Worship By Any Other Name


We are presently focusing on more explicit religious themes in our research. One area that we wanted to emphasize was “worship.” Our interest stems from the fact that there are numerous terms that seem to be related to worship, but we wanted to better understand the nuanced meaning of each term. Thus, we decided to do something called pile sorting. We gathered 21 words that have some connection to the idea of worship (giving honor, serving, praising, etc.) and interviewed multiple people about the words. We gave each person a stack of cards with the terms on them and asked them to put them into groups. We did not give them any criteria for doing this. We wanted to see how they associated the various terms. We then asked follow-up questions based upon their groupings. After reflecting upon how Thai people understand these various terms, I wanted to share with you one conclusion that seems to be extremely insightful for understanding how the gospel connects in Thai culture.

One reason we picked this topic is because we have been frustrated by the fact that we have not found a term that carries the same meaning and importance as “worship.” We thought that doing this exercise might point us to a word or phrase that closely correlates to what we mean by “worship.” The result is that there is not such a word. And, as we should have known, that makes perfect sense. Our understanding of worship, and all it entails, is directly dependent upon a monotheistic worldview. The meaning and significance of worship is funded by the idea of one God above all else.

Thus, when we try to find a word or phrase in Thai that has the same meaning and significance, we come up empty. This is due to the fact that the Thai worldview (I use this term loosely since there is no such thing as THE Thai worldview) does not have one supreme God. Why would there be a term that means “worship” when there is no such practice being done?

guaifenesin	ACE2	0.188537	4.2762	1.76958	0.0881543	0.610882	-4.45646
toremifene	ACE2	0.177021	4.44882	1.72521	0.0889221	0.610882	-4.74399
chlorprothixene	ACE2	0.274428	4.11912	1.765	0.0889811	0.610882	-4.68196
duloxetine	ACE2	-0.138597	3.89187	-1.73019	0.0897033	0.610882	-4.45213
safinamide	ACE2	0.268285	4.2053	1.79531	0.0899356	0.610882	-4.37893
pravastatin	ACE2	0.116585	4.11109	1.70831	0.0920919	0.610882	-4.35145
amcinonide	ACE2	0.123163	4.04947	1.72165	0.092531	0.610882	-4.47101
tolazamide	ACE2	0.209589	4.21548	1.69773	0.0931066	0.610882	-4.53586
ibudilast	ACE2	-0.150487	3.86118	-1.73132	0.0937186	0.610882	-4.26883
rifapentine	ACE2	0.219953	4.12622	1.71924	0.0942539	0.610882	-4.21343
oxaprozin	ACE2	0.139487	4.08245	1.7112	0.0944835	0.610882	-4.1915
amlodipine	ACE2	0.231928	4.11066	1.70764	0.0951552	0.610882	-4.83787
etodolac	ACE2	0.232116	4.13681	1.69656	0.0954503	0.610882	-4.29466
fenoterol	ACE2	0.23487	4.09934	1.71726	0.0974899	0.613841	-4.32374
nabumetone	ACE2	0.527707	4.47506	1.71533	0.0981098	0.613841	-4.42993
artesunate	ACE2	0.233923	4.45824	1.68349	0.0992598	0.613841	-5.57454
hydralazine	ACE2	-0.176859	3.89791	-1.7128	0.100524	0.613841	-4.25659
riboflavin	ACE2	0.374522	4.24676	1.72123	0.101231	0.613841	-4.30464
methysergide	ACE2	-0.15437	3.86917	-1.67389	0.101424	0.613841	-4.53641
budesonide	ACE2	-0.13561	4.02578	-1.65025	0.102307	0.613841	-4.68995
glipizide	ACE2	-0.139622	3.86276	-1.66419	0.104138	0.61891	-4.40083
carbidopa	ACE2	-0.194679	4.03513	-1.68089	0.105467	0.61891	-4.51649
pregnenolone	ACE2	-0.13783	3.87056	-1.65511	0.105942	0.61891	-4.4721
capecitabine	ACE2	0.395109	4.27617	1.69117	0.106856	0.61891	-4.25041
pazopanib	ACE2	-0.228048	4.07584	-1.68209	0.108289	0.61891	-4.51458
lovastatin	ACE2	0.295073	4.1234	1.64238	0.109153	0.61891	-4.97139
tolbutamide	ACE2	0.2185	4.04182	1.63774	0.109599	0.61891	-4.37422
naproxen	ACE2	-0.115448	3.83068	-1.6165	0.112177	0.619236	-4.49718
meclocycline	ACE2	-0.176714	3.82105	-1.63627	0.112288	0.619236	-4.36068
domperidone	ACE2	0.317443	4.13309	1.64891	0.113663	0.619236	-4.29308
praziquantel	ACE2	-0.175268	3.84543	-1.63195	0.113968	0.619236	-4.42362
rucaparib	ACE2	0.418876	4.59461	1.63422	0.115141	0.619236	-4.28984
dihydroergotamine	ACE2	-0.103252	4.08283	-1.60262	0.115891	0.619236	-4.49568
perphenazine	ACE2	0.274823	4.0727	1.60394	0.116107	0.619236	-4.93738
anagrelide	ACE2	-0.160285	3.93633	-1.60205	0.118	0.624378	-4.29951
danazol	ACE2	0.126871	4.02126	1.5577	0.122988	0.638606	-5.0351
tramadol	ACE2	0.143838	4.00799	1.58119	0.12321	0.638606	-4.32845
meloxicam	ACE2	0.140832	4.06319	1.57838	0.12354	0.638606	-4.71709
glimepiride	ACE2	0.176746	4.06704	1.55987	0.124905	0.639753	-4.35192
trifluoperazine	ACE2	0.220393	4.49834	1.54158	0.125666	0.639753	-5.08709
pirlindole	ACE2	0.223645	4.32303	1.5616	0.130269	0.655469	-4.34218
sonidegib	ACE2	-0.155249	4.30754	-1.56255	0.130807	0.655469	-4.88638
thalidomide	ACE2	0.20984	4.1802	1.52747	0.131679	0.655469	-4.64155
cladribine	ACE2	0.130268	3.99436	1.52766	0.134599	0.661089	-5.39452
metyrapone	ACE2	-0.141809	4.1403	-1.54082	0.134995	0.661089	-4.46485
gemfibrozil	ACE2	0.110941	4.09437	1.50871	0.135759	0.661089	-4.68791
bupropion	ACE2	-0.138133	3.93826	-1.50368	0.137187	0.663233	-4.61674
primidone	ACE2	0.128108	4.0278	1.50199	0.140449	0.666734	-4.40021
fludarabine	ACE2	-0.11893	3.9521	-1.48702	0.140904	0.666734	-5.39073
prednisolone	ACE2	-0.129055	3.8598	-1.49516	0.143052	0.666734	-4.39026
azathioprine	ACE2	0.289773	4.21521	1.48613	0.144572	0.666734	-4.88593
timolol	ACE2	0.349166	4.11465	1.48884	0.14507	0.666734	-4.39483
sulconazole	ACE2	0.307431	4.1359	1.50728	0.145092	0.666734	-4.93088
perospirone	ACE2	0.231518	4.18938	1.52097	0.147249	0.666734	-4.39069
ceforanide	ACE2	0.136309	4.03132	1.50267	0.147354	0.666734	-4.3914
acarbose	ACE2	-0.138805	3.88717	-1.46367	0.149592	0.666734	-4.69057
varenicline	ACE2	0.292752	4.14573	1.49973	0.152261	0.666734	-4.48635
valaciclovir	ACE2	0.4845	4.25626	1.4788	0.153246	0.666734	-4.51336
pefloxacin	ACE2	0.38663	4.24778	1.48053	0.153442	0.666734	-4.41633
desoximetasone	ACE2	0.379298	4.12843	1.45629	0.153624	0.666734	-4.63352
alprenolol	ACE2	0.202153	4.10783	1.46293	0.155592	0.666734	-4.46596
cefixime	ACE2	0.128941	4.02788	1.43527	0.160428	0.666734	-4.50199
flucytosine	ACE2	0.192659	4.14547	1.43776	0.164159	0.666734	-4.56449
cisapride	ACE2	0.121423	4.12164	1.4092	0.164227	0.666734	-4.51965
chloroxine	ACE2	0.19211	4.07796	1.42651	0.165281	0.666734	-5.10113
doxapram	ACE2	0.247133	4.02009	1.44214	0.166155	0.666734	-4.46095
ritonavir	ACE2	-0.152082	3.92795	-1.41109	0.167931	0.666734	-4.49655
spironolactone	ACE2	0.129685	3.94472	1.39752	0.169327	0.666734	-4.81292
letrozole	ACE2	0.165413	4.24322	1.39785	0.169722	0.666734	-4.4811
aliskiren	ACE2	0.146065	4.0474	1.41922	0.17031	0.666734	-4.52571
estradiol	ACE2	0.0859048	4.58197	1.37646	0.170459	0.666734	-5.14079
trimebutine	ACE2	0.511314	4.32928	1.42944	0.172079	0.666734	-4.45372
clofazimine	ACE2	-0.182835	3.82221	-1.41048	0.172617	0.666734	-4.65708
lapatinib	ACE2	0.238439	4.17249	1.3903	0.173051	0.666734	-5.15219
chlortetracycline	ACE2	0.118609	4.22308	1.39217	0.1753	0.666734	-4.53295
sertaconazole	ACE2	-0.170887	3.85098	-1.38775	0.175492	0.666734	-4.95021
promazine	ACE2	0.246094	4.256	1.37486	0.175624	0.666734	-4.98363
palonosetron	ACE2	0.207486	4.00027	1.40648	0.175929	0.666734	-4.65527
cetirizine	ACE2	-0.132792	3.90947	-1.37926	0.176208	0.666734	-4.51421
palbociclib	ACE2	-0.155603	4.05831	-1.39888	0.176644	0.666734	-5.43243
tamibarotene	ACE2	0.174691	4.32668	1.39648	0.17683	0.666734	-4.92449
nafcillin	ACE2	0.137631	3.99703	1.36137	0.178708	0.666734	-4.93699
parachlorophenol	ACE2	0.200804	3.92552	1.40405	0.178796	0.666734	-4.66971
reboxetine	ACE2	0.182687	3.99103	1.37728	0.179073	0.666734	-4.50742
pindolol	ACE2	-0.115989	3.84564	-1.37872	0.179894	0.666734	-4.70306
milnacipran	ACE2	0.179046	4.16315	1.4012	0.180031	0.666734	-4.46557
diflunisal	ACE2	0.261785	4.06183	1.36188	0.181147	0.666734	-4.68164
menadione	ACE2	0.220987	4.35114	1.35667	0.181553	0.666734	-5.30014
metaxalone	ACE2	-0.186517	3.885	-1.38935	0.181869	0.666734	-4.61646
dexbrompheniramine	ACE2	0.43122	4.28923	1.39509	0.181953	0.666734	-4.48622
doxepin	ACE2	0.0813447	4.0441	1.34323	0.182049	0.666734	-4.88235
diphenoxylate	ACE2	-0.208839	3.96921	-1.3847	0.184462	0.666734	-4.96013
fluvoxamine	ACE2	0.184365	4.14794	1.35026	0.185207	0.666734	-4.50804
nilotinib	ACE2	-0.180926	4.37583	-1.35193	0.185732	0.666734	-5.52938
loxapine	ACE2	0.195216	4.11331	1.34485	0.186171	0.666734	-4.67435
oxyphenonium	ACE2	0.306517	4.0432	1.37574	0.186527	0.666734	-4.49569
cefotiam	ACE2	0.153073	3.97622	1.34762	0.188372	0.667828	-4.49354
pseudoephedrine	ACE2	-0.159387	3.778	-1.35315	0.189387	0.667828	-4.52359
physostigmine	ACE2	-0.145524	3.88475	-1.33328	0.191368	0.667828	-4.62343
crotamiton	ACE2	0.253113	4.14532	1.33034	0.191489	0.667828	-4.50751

All this does not mean we cannot or will not use these terms. We have to because we are not in the business of inventing new words. However, this will hopefully make us more aware of what connotations come with using these terms.

But, more importantly than just knowing some vocabulary, this research has helped us see where people’s deepest feelings of honor, affection, and loyalty lie. What we discovered is that the terms that are more explicitly “religious” (except for one) do not carry the meaning of giving your whole life to something or of exalting something above all else. This should be obvious because the Thai religious world does not have a god or gods (at least not in the way most Westerners think). However, there are a few words that are explicitly about “lifting up,” “giving honor,” “praising,” and “offering your life.” The interesting thing is that these terms are used for powerful leaders, particularly royalty, and the nation.

Thus, the tendency to compare and contrast Buddhism and Christianity can often be misleading. The fact that Buddhism does not have a god or gods changes the entire conversation. I am not sure where all this will lead, but we are eager to find out.



  1. Wow – that’s really interesting. It seems like in that context, one could easily see the political ramifications of the gospel (like in the book of Luke) play out much more so than we do here in the US. That is, it seems like it would be much more difficult to “tame” the gospel in a political sense in the “Thai Context” than here.

  2. I discovered your weblog website on google and check a couple of of your early posts. Continue to maintain up the very good operate. I just extra up your RSS feed to my MSN Information Reader. Seeking forward to studying extra from you later on!…

    • Well, how often does one get the chance to be the first English-language coemmnt on a new blog?Welcome to the club, Ralf. I look forward to having you burn up a great deal of my time.

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